Gregor McGuckin at the starting line in France last Sunday. Picture: Neil O’Hagan/Team Ireland

On Sunday, July 1 at midday in Les Sables d’Olonne France, Goatstown man Gregor McGuckin crossed the starting line of the Golden Globe Race onboard his very ordinary looking 33-year-old yacht, Hanley Energy Endurance.

All going to plan, Gregor will not step foot on dry land again for eight to nine months.

The Golden Globe Race is being held to mark the 50 years that have passed since Sir Robin Knox-Johnston achieved what was once thought to be impossible.

Modern round the world races embrace technology and skippers can now conduct live Skype calls, talk to anyone in the world 24/7 through satellite phones and receive detailed weather routing to steer them away from the worst of the weather.

McGuckin and the 17 other competitors are setting off with no GPS, no freely available satellite phone, no internet and no weather information other than what they can pick up over the radio.

McGuckin is now sailing alone out into the Bay of Biscay; he will then turn south, sail down the Atlantic, around the Cape of Good Hope, lap the Southern Ocean before rounding the infamous Cape Horn, turning left, sailing back up the Atlantic and into Les Sables d’Olonne.

The completion of this epic voyage will put him and his yacht, Hanley Energy Endurance, in the history books as the first Irish person to sail alone non-stop around the planet.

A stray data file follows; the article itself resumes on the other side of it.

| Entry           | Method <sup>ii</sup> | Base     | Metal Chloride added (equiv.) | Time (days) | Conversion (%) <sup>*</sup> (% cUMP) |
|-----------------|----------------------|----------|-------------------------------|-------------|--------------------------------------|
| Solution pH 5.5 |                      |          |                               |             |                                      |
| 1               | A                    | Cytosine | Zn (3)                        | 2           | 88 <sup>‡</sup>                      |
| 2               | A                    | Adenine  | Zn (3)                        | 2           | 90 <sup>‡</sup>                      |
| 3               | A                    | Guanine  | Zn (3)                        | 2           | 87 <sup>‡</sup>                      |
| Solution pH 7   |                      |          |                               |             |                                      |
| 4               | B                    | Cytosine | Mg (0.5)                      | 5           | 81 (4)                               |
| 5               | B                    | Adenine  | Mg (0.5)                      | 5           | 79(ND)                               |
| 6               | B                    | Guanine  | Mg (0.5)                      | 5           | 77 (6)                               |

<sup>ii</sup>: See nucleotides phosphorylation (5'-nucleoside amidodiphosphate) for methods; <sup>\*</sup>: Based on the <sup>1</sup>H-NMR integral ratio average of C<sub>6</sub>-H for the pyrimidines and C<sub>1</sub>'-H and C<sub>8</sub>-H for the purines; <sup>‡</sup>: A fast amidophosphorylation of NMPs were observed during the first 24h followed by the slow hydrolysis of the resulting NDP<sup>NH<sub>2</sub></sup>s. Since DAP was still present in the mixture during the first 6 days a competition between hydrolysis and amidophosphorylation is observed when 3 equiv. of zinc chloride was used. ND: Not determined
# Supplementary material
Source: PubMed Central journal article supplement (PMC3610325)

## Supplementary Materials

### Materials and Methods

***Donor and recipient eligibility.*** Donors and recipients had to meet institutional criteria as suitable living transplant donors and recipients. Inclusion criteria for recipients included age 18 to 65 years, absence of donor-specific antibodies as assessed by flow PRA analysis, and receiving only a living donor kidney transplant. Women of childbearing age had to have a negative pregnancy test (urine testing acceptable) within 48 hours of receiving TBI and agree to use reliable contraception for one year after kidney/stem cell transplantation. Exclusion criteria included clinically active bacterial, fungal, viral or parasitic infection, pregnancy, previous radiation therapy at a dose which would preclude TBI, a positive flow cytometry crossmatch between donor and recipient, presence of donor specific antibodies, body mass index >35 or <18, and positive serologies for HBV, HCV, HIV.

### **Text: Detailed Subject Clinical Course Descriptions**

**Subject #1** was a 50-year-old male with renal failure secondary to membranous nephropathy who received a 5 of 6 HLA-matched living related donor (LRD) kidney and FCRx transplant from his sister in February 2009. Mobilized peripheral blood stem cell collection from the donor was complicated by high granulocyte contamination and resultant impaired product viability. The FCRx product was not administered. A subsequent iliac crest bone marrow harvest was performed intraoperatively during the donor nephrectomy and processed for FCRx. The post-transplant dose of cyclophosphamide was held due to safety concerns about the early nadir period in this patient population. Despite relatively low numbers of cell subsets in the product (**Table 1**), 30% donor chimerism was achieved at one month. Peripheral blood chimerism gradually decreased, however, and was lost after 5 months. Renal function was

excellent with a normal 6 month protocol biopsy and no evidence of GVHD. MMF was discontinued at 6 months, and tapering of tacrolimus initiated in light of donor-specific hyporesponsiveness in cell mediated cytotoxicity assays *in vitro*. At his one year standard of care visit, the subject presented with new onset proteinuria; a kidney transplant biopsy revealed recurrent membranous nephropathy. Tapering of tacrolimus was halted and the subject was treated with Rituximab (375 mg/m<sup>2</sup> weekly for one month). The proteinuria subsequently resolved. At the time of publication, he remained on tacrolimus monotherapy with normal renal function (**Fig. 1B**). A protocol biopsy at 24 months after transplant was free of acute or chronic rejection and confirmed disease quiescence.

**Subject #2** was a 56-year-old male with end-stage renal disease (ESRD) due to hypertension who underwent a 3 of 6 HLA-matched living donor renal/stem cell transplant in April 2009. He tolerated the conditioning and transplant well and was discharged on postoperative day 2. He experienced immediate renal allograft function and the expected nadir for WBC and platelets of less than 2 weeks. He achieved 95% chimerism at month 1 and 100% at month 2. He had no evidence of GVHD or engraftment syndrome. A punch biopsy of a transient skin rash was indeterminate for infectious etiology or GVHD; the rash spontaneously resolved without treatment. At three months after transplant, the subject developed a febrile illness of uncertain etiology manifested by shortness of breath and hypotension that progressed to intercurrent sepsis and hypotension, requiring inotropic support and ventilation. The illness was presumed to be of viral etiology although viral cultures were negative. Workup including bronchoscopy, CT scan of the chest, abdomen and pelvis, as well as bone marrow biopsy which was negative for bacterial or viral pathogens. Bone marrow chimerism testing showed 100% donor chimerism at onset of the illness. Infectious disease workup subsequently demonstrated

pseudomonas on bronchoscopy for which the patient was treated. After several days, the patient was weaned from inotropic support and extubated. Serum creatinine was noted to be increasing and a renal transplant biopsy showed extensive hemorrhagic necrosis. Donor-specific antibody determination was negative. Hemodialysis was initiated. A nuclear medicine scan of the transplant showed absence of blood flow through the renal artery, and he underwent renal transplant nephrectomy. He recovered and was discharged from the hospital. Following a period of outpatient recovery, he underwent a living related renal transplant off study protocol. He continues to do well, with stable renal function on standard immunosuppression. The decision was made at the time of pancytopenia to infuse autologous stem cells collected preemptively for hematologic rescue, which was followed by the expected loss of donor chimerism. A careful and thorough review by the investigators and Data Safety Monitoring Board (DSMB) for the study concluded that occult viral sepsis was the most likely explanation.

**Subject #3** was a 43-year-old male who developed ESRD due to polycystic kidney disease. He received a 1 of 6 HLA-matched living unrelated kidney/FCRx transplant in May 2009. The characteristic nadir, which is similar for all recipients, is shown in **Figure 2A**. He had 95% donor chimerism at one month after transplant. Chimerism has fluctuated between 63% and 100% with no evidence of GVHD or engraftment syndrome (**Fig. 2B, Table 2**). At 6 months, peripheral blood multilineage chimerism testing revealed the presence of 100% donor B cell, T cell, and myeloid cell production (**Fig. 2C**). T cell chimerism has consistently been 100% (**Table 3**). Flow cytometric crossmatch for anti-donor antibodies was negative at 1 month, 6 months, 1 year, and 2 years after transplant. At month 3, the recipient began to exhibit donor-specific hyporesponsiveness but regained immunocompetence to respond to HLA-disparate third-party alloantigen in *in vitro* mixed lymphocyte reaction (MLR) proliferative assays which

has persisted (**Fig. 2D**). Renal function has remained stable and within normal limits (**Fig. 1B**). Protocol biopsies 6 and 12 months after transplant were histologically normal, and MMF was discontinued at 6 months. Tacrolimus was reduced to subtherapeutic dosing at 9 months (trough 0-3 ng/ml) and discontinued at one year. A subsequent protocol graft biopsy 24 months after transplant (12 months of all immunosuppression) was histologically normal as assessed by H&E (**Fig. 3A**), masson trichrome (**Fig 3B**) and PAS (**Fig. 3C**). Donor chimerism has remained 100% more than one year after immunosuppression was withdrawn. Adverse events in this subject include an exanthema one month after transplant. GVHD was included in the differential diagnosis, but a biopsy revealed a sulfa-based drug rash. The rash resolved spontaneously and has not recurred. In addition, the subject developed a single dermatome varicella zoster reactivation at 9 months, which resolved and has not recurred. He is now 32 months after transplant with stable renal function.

Speaking before he left the dock, McGuckin said: “If the race is as hard as the road to the starting line, I’m in for a rough ride! Only through countless volunteer hours, people and company’s generosity and the support of our many sponsors led by Hanley Energy we simply would not be here today.

“We still have more opportunities for companies to support so don’t be shy when I’m gone! Right now, the thought of simply getting out there and doing what I love is wonderful.”

An estimated 100,000 people came out to see the fleet off and over 50 Irish people traveled to France to wish him well. McGuckin’s father, Randal McGuckin, added:

“Of course, I’ll worry about Gregor but I have every confidence in him and the boat. The team that got him here, along with the amazing support will see him through. It’s fantastic to know that primary school children across Ireland will be following the adventure as well. We’re all extremely proud of Gregor.”

When asked what he will miss most, he said: “If I start thinking about what I’m going to miss, it’ll be a long eight months. I rather focus on the amazing sailing, wildlife, oceans, weather and challenges that lie ahead. So other than missing friends, family, and loved ones, I’ll be doing my best to enjoy every moment of the voyage.”

The fleet includes 18 competitors in total. Ranging from a 73-year-old French sailing legend that has sailed around the world numerous times, to an Australian from Manchester who is a relative newcomer to sailing but has summited Everest three times.

McGuckin’s campaign is part of a wider professional sailing team under the ‘Team Ireland’ brand that saw Enda O’Coineen compete in the Vendee Globe.

They are also working to see Ireland’s first female, Joan Mulloy, attempt to race alone around the world.

The team has been long supporters of the Atlantic Youth Trust charity and their mission to create a youth development tall ship trust for the island of Ireland.

The Golden Globe Race yachts can be tracked online at Goldengloberace.com.

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